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Recorded for Poem-a-Day, November 16, 2017
About this Poem 
“Once I dragged a lectern out to a field and wrote there, facing the trees, and felt at a wonderful loss for words. What could I say to trees that might matter? Nothing but praise. Trees pay no attention to fences. And walking along West 97th Street I marvel at how the honey locust grows right beautifully through the chainlink and into the schoolyard here. (If you’re in love with trees, take a look at Peter Wohlleben’s The Hidden Life of Trees.) Lines 14 to 16 borrow definitions from various dictionaries etymological and otherwise.”
—Catherine Barnett
 

Epistemology

Mostly I’d like to feel a little less, know a little more.
Knots are on the top of my list of what I want to know.
Who was it who taught me to burn the end of the cord 
to keep it from fraying?
Not the man who called my life a debacle, 
a word whose sound I love.
In a debacle things are unleashed.
Roots of words are like knots I think when I read the dictionary.
I read other books, sure. Recently I learned how trees communicate, 
the way they send sugar through their roots to the trees that are ailing. 
They don’t use words, but they can be said to love. 
They might lean in one direction to leave a little extra light for another tree.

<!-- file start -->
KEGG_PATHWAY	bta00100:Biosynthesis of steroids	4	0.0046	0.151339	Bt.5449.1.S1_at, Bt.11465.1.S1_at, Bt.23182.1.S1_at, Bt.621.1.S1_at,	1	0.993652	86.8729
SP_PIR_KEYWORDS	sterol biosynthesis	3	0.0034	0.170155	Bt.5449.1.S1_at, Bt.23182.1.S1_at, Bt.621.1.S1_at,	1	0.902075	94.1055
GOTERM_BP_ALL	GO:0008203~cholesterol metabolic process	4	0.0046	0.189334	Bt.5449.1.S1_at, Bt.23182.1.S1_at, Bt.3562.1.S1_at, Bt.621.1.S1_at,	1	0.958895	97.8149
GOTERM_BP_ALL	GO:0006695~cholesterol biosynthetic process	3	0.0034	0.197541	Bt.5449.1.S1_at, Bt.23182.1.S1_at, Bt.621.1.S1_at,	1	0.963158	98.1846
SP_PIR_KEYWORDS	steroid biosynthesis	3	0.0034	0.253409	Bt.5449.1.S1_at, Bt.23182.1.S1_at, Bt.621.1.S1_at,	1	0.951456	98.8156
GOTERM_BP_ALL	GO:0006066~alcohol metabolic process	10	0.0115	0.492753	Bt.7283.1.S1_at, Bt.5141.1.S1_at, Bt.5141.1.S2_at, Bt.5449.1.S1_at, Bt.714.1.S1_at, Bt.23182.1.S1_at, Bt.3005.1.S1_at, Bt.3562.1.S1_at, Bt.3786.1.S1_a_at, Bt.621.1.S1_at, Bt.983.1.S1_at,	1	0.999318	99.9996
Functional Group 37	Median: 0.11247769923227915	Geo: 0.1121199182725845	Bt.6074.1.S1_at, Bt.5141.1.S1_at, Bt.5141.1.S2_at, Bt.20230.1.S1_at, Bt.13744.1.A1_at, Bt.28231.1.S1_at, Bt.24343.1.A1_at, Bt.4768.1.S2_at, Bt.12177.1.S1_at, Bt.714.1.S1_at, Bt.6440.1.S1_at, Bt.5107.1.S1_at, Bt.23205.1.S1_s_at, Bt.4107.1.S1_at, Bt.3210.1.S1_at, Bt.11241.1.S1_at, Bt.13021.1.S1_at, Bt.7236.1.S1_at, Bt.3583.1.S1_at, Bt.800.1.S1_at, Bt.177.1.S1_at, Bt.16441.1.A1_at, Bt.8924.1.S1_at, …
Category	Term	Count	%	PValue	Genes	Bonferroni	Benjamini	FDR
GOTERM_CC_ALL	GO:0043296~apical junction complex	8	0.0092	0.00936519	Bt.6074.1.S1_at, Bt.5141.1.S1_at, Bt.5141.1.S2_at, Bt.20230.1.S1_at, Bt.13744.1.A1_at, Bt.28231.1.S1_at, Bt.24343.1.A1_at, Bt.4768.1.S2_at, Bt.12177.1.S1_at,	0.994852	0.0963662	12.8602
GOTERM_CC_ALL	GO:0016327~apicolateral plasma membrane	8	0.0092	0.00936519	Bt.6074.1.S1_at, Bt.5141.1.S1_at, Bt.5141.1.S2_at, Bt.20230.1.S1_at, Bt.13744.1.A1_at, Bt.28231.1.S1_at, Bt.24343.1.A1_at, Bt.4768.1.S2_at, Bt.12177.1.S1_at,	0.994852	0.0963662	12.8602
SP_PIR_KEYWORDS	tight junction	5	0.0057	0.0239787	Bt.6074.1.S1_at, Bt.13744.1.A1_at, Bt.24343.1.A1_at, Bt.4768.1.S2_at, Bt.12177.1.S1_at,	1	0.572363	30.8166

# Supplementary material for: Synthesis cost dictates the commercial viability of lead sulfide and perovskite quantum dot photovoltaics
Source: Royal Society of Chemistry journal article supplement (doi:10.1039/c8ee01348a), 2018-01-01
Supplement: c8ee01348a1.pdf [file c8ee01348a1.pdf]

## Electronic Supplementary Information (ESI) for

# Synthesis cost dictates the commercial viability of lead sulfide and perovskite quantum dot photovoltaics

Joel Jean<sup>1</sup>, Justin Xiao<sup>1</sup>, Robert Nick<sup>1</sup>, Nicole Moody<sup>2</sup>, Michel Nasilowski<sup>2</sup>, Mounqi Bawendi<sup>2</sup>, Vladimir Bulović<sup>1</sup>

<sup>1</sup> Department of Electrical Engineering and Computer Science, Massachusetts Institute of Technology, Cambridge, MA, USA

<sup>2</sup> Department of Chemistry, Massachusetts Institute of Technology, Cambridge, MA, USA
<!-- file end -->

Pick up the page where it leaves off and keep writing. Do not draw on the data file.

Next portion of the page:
And I admire the way they grow right through fences, nothing
stops them, it’s called inosculation: to unite by openings, to connect 
or join so as to become or make continuous, from osculare
to provide with a mouth, from osculum, little mouth.
Sometimes when I’m alone I go outside with my big little mouth
and speak to the trees as if I were a birch among birches.
 

Copyright © 2017 by Catherine Barnett. Originally published in Poem-a-Day on November 16, 2017, by the Academy of American Poets.

Copyright © 2017 by Catherine Barnett. Originally published in Poem-a-Day on November 16, 2017, by the Academy of American Poets.

Catherine Barnett

Catherine Barnett

Catherine Barnett was born in Washington, D.C. and raised in the San Francisco Bay Area. She studied at Princeton University and at the Warren Wilson MFA Program for Writers.

Barnett is the author of Human Hours (Graywolf Press, 2018); The Game of Boxes (Graywolf Press, 2012), which was the recipient of the 2012 James Laughlin Award from the Academy of American Poets; and Into Perfect Spheres Such Holes Are Pierced (Alice James Books, 2004).

by this poet

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My son took a picture of me
jumping the cemetery wall. Do it again,
he said, as if I'd got out too fast.
Pretend you're really climbing.

In the retake my lazy eye is half shut,
and the other is smiling or crying.
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What do you need? the Quiet Man asked
when I knocked again at his door.

What do you want?
He was closing up.

I don’t know, I said.
Woolf, Anbesol, Baldwin, Keats,

I’ll take anything.
I knew sometimes he slept right there in his shop,

with blankets on the bottom shelf,

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Enchantée, says the key in my hand.
When I try to turn it, it turns to sand.

Time is an upgrade, says the front desk.
Reserved for our most valued guests.

Time is an anemone, says the new hire.
Enemy. Amenity. Profanity. Dire.

Whatever you’ve forgotten,
they provide.